Date Published: 29-Jun-2007
Galway City Council are continuing to deny they have pulled out of around 25 commitments to buy private houses around Galway — despite seeking the return of deposits paid to many of the sellers.
The local authority have refused to acknowledge they have left dozens of people in a chain of debt, claiming they never had an agreement to buy the houses.
They have issued a series of categorical denials to the Galway City Tribune and our sister publication the Sentinel that they have reneged on the deals, despite a growing dossier of information to the contrary in this newspaper’s possession.
Under the current Housing Programme, the Council have purchased more than 60 houses in private estates around the city and are in the process of buying 55 more, which will then be rented out to Council tenants.
However, they had committed to purchase in the region of 25 more — selling prices were agreed between auctioneers and in some cases, booking deposits were paid.
In the past week, some sellers were told the purchases will not be going ahead, although many cannot get information from the Council. Those sellers — some of whom have purchased other homes on foot of the commitments given — have now been left with tens of thousands of euro down the drain in wasted legal and valuation fees.
Others who already traded up face crippling double mortgage payments for the next few months as they attempt to sell their homes in a slowing residential property market.
The Council have denied that they decided not to proceed with some purchases or that there is a list of properties which they have decided not to buy.
However, a letter from the agents for the Council to an auctioneer acting on behalf of one of the affected sellers admits there is no funding to buy the houses.
The Galway City Tribune has seen a list of
The way we were – Protecting archives of our past
People’s living conditions less than 100 years ago were frightening. We have come a long way. We talk about water charges today, but back then the local District Councils were erecting pumps for local communities and the lovely town of Mountbellew, according to Council minutes, had open sewers,” says Galway County Council archivist Patria McWalter.
Patria believes we “need to take pride in our history, and we should take the same pride in our historical records as we do in our built heritage”. When you see the wealth of material in her care, this belief makes sense.
She is in charge of caring for the rich collection of administrative records owned by Galway County Council and says “these records are as much part of our history as the Rock of Cashel is. They document our lives and our ancestors’ lives. And nobody can plan for the future unless you learn from the past, what worked and what didn’t”.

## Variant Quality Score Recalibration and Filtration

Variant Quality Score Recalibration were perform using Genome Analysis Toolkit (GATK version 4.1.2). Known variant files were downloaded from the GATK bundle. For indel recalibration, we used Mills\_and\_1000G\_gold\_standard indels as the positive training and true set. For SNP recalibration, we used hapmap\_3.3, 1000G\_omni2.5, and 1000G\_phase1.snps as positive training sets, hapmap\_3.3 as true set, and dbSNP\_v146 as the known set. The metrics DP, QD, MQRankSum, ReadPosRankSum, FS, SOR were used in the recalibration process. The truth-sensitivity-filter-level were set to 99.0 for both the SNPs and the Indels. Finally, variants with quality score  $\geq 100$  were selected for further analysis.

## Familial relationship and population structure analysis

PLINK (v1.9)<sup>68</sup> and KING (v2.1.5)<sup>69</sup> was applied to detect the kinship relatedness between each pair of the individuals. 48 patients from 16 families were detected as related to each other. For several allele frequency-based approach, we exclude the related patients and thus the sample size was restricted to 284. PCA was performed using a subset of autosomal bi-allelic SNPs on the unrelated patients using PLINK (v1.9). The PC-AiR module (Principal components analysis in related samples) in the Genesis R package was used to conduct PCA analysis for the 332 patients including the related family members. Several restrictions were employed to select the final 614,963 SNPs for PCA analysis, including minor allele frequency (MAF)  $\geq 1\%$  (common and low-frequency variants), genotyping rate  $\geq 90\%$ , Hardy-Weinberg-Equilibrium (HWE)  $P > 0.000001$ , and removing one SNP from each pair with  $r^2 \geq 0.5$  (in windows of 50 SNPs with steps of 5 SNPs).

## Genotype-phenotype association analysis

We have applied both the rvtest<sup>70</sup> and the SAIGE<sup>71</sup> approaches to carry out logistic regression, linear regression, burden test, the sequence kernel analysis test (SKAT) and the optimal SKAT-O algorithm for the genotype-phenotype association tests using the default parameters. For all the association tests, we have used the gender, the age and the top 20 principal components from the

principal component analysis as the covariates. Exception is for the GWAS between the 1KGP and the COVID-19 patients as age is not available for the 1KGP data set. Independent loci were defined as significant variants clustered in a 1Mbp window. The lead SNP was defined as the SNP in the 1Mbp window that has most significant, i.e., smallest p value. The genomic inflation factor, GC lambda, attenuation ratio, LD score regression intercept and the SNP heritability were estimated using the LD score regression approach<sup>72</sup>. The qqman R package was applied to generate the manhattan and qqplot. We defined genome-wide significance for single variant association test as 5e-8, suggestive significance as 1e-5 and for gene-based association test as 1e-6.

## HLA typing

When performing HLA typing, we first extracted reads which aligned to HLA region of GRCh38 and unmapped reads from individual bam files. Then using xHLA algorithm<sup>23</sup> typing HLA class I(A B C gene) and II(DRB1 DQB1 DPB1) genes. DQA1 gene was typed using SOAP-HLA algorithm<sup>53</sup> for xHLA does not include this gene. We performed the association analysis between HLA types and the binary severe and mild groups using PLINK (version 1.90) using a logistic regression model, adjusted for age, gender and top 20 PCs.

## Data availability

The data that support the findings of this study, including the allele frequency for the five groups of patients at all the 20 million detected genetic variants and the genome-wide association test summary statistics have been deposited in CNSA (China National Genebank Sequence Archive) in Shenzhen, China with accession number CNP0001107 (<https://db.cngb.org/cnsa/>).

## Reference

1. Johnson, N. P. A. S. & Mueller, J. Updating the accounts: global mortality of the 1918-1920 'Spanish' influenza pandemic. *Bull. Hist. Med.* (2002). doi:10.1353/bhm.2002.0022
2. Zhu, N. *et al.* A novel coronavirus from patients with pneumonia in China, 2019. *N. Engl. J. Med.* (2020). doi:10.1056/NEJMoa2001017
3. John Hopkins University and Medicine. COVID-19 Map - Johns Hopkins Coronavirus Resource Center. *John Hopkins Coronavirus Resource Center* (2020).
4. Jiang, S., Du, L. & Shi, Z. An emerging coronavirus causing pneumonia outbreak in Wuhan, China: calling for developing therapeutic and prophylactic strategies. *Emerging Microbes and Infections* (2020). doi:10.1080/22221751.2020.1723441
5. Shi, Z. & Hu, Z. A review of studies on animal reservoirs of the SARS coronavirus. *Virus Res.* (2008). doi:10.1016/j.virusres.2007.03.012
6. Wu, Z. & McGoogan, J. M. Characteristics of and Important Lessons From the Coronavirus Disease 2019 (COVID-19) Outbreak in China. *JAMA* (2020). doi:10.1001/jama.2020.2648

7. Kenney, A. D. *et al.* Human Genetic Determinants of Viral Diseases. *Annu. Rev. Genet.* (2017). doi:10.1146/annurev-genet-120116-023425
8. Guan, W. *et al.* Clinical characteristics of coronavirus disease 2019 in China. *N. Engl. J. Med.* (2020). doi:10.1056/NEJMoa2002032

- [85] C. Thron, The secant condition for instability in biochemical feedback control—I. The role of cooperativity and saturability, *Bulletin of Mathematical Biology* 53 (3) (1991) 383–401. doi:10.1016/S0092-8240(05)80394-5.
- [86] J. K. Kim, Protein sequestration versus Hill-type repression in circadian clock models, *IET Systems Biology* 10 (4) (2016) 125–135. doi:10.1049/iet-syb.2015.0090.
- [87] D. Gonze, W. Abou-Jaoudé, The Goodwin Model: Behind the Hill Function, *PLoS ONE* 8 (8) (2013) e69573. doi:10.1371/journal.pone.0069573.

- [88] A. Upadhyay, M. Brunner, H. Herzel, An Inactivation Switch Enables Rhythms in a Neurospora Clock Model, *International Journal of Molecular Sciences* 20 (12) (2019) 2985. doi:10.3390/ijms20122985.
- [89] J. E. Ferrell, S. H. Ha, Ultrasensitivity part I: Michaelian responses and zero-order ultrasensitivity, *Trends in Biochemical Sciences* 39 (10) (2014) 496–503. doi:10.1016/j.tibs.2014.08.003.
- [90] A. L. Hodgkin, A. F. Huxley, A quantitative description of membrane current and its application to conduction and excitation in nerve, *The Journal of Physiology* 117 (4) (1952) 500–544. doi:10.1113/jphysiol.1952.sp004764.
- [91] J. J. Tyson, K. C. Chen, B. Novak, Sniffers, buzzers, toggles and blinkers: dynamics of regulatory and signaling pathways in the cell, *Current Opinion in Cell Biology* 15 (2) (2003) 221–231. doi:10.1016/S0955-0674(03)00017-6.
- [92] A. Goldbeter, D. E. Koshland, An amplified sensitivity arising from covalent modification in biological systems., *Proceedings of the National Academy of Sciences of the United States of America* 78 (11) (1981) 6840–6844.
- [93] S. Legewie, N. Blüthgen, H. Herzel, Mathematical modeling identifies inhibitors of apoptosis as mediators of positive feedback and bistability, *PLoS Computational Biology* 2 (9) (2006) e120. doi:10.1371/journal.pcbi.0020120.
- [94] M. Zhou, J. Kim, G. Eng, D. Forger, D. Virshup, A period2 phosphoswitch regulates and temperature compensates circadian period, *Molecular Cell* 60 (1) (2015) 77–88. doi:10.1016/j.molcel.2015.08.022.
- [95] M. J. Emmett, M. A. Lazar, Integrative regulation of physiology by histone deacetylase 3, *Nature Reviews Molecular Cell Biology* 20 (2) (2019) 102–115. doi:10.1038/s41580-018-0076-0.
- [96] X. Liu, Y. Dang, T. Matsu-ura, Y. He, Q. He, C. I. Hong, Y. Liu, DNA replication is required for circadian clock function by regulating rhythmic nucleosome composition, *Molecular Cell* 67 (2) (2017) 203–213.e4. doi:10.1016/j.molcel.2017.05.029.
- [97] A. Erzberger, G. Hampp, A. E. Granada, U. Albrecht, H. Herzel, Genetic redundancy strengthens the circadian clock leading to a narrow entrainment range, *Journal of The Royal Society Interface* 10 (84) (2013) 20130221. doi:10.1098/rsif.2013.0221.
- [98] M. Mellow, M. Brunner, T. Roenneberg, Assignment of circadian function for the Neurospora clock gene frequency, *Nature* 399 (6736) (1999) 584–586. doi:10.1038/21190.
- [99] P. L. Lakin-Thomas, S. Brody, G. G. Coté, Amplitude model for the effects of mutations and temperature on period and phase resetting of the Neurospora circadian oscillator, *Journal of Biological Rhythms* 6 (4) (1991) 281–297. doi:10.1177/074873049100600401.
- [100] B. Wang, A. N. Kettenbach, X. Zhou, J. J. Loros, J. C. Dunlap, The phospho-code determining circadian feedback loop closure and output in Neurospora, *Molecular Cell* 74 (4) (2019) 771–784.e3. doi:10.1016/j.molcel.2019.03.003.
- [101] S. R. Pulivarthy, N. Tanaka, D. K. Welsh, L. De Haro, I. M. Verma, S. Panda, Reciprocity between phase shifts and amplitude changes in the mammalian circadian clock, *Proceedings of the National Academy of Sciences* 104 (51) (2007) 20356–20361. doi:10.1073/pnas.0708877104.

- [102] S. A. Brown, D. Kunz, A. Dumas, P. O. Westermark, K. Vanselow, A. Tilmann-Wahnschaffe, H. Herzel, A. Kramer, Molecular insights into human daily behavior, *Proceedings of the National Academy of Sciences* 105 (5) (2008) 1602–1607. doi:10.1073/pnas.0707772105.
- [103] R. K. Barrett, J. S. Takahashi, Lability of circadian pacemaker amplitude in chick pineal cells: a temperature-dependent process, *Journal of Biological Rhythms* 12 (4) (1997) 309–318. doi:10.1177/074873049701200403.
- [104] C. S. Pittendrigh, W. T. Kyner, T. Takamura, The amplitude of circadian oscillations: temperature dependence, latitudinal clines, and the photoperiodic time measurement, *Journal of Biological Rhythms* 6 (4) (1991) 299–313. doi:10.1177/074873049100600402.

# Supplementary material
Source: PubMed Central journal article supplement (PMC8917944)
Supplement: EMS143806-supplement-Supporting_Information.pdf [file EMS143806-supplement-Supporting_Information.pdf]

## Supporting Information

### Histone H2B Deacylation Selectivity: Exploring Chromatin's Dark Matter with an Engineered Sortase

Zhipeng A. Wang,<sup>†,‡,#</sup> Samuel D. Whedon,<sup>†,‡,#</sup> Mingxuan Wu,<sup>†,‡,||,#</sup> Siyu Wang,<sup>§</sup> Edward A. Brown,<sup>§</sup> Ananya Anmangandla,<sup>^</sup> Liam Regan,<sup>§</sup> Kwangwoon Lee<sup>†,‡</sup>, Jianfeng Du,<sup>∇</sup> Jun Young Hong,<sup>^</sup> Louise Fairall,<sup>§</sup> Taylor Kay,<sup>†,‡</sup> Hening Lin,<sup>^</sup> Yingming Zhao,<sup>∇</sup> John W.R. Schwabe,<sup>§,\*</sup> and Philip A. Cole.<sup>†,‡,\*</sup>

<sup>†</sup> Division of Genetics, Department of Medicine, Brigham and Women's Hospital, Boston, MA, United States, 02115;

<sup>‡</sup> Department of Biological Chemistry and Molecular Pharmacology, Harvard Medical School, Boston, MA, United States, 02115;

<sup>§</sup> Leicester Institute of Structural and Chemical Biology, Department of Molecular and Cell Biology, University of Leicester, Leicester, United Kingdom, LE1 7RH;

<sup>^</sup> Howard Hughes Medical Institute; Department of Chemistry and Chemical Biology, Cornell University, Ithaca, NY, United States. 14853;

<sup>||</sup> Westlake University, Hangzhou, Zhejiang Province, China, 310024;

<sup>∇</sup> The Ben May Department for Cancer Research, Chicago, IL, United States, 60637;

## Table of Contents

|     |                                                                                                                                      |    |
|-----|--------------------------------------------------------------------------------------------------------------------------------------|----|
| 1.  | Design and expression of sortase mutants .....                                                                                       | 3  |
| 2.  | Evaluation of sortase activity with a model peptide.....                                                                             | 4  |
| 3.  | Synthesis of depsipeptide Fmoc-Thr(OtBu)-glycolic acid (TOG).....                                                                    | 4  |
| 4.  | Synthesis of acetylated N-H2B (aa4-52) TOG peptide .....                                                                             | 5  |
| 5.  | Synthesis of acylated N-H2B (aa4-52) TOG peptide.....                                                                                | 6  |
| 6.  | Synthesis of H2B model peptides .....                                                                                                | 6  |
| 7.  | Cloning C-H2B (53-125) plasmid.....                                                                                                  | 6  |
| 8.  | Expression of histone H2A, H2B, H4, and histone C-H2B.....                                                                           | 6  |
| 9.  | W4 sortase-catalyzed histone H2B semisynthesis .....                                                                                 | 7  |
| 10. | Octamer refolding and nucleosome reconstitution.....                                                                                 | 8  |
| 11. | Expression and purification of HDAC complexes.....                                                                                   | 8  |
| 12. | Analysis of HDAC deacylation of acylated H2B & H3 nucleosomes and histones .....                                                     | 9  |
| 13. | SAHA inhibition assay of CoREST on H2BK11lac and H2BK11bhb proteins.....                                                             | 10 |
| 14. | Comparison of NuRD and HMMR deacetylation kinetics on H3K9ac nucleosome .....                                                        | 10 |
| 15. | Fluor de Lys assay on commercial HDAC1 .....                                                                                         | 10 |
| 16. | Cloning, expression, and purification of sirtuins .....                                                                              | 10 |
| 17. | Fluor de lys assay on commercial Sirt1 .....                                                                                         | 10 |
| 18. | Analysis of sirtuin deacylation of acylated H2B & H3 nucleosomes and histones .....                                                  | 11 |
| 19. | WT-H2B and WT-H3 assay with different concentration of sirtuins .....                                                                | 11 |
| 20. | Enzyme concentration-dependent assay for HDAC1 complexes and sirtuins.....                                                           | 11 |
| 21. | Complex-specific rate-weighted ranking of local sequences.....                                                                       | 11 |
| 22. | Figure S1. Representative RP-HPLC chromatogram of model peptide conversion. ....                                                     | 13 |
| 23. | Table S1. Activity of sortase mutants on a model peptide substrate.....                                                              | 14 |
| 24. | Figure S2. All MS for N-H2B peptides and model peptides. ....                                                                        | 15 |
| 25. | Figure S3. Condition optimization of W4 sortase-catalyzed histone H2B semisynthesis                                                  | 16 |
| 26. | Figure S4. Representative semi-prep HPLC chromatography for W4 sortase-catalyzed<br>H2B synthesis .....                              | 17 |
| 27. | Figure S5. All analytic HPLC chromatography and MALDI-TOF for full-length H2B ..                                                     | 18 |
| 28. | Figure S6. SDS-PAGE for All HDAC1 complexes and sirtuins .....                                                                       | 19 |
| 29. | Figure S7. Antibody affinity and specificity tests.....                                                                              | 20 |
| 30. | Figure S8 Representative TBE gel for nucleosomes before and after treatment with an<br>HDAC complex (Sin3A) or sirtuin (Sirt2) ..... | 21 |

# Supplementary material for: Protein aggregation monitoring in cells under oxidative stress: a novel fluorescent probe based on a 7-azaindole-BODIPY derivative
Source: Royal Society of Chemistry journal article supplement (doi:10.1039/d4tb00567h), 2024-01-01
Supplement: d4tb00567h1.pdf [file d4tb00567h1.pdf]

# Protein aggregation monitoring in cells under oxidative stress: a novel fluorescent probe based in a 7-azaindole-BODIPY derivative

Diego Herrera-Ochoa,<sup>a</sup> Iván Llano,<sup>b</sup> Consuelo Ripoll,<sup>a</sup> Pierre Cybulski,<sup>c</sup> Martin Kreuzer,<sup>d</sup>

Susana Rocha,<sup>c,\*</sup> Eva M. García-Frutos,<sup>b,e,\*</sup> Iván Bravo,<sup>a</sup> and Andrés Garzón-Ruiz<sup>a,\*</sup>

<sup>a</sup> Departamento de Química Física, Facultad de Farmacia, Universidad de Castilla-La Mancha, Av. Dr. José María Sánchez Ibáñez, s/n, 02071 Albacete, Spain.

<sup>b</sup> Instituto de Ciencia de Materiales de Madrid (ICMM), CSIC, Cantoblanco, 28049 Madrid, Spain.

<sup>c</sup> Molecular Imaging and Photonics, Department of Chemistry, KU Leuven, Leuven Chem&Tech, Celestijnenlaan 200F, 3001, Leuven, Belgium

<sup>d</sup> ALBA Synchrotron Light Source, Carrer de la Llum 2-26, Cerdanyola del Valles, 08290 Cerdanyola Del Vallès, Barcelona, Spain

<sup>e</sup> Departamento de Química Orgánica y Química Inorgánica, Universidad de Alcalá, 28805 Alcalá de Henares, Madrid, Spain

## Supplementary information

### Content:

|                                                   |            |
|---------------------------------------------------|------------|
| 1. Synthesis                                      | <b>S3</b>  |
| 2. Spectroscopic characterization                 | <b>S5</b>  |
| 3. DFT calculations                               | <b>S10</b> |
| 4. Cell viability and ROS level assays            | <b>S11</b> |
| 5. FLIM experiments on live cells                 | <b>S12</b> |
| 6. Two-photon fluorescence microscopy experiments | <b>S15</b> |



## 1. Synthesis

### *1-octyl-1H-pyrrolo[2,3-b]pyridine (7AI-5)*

Archivists and librarians are often unfairly regarded as being dry, academic types, but that’s certainly not true of Patria. Her enthusiasm is infectious as she turns the pages of several minute books from Galway’s Rural District Councils, all of them at least 100 years old.
Part of her role involved cataloguing all the records of the Councils – Ballinasloe, Clifden, Galway, Gort, Loughrea, Mountbellew, Portumna and Tuam. These records mostly consisted of minutes of various meetings.
When she was cataloguing them she realised their worth to local historians and researchers, so she decided to compile a guide to their content. The result is For the Record: The Archives of Galway’s Rural District Councils, which will be a valuable asset to anybody with an interest in history.
Many representatives on these Councils were local personalities and several were arrested during the political upheaval of the era, she explains.
And, ushering in a new era in history, women were allowed to sit on these Rural District Councils – at the time they were not allowed to sit on County Councils.
All of this information is included in Patria’s introductory essay to the attractively produced A4 size guide, which gives a glimpse into how these Rural Councils operated and the way political thinking changed in Ireland during a short 26-year period. In the early 1900s, these Councils supported Home Rule, but by 1920, they were calling for full independence and refusing to recognise the British administration.
“I love the tone,” says Patria of the minutes from meetings. “The language was very emotive.”
That was certainly true of the Gort Rural District Council. At a meeting in 1907, following riots in Dublin at the premiere of JM Synge’s play, The Playboy of the Western World the councillors’ response was vehement. They recorded their decision to “protest most emphatically against the libellous comedy, The Playboy of the Western World, that was belched forth during the past week in the Abbey Theatre, Dublin, under the fostering care of Lady Gregory and Mr Yeats. We congratulate the good people of Dublin in howling down the gross buffoonery and immoral suggestions that are scattered throughout this scandalous performance.
For more from the archives see this week’s Tribunes here
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